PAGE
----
Watch the video clip below where President Obama and Hank Green discuss marijuana legalization in the United States, and the rest of the President’s response is written out below the video clip.
President Obama continued,
“What I am doing at the federal level is asking my Department of Justice just to examine generally how we are treating nonviolent drug offenders because I think you’re right. What we have done is instead of focusing on treatment, the same way we focused say with tobacco or drunk driving or other problems where we treat it as a public health problem, we’ve treated this exclusively as a criminal problem. And I think that it’s been counterproductive and it’s been devastating in a lot of minority communities. It presents the possibility at least of unequal application of the law and that has to be changed. Now the good news is that we’re starting to get some interest from Republicans as well as Democrats in reforming the criminal justice system. We’ve been able to initiate some changes administratively and last year you had the first time in 40 years where the crime rate and the incarceration rate went down at the same time. I hope we can continue with those trends because they’re just a smarter way of dealing with these issues.”
It appears as though President Obama’s prediction may be correct because full legalization bills have been filed for the 2015 legislative session in states like Arizona and New York, while states like Indiana, Florida and Virginia will hear bills legalizing marijuana for medicinal purposes only.
As more and more Americans are learning the truth behind marijuana prohibition, attitudes are changing and its only a matter of time before policies are also changed. You can also check out this infographic for predictions of which states will be next to legalize marijuana.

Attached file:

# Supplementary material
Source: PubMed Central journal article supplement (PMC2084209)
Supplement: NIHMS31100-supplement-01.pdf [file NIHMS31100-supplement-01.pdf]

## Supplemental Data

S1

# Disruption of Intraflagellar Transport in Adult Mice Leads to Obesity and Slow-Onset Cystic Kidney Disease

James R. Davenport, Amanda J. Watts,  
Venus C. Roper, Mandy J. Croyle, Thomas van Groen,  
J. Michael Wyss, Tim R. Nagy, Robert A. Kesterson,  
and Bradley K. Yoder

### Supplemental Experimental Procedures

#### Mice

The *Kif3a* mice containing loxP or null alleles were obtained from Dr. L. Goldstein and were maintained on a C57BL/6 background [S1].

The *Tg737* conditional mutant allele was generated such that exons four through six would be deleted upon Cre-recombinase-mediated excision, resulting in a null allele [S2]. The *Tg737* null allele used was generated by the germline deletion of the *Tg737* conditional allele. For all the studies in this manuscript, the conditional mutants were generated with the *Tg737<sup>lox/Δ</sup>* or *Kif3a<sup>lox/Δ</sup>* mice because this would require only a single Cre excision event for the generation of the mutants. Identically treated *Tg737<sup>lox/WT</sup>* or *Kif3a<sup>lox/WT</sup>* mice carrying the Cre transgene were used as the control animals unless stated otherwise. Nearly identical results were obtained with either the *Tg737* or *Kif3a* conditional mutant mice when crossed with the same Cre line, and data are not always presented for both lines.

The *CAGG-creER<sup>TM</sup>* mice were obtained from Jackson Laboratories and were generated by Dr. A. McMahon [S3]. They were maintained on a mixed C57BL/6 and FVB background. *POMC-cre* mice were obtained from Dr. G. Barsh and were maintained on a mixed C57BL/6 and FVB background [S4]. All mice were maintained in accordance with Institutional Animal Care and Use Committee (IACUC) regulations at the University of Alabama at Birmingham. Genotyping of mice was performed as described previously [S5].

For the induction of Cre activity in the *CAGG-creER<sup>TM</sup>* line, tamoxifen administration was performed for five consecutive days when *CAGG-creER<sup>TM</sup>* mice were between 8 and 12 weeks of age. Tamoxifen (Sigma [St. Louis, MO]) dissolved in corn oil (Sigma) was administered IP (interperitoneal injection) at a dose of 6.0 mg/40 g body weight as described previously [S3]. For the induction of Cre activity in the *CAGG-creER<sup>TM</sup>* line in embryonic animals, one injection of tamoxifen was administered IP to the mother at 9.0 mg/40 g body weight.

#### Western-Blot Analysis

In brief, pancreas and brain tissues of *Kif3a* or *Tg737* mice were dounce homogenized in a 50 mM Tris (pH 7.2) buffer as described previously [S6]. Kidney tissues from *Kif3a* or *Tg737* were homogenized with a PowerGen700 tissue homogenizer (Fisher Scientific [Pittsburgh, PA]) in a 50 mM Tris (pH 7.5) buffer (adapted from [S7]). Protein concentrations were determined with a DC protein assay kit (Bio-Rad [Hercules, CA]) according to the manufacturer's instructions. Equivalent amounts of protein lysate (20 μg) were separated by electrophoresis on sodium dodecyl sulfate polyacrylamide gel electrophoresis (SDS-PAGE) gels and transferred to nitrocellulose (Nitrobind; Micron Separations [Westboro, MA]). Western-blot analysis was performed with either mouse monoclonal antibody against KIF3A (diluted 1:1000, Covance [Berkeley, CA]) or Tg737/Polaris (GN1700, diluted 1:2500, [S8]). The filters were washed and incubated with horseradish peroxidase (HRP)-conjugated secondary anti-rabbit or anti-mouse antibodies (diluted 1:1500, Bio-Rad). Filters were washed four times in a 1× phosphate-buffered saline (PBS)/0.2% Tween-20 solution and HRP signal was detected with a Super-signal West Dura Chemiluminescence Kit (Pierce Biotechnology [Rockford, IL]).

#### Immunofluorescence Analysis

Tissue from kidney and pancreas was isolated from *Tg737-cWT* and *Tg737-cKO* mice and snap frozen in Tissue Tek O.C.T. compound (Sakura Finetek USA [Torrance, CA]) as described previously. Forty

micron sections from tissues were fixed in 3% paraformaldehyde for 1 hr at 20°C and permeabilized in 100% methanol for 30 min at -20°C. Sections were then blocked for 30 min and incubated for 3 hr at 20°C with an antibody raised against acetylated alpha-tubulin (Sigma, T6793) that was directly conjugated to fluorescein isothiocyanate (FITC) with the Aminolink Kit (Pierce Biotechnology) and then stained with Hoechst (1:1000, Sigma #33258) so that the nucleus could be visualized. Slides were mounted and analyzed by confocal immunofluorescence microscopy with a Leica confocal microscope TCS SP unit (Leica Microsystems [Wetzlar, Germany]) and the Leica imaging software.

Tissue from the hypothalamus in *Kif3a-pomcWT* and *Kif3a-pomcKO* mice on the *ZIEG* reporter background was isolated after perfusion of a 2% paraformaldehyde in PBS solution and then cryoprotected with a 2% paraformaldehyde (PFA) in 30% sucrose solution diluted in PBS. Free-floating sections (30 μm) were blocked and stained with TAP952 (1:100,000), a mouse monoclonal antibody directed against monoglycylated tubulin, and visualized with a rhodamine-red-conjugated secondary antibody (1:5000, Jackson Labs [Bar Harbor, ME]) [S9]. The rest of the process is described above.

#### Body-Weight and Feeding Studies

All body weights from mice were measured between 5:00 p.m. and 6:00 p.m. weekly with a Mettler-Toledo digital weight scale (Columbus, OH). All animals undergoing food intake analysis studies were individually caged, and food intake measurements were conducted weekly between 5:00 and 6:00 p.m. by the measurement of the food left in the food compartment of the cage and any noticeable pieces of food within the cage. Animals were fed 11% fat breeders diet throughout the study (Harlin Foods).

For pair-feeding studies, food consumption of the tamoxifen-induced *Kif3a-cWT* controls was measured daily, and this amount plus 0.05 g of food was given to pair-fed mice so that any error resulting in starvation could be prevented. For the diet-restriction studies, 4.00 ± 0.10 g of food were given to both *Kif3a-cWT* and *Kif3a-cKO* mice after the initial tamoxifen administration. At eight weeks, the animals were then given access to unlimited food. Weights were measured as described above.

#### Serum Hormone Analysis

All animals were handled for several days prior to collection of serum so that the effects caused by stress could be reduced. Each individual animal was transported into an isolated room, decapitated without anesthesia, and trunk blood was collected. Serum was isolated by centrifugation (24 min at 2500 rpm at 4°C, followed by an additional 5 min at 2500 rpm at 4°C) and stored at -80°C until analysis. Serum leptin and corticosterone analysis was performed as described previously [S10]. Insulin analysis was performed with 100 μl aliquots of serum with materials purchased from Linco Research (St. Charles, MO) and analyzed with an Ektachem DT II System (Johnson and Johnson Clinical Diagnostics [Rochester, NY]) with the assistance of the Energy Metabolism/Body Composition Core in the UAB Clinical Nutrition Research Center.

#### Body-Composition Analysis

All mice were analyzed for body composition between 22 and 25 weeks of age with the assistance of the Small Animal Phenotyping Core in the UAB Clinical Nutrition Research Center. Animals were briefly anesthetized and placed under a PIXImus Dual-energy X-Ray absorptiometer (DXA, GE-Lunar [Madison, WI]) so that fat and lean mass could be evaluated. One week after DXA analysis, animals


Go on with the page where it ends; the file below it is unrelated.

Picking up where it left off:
In a meeting earlier this month, hundreds of physicians of the Massachusetts Medical Society (MMS) held a meeting to enact new healthcare policies and resolutions concerning eight different topics of public healthcare. One of those resolutions concerned medical marijuana, and a push for the plant to be reclassified on the federal level to ultimately open doors for research. The MMS trade group has publicly stated before that cannabis should be reclassified, and this time their collective voice will be louder.
Currently, cannabis is classified as a Schedule I drug under the Controlled Substances Act. This means that marijuana is seen as having no medical use in the United States. However, nearly half of the United States currently have some form of medical marijuana legislation, so this scheduling is contradictory. Marijuana being listed as a Schedule I drug ultimately blocks researchers from studying the plant and its uses.
Now that Massachusetts also has legalized medical marijuana, physicians want to protect themselves and their patients by conducting studies, and learning as much as possible about the plant. Therefor each individual member of the Massachusetts Medical Society agreed during the interim meeting to write lawmakers advocating for an end to marijuana prohibition. Rick Gulla, society spokesperson told NPR, “The research is fairly thin and it’s a puzzlement for physicians in terms of whether or not they should recommend it.”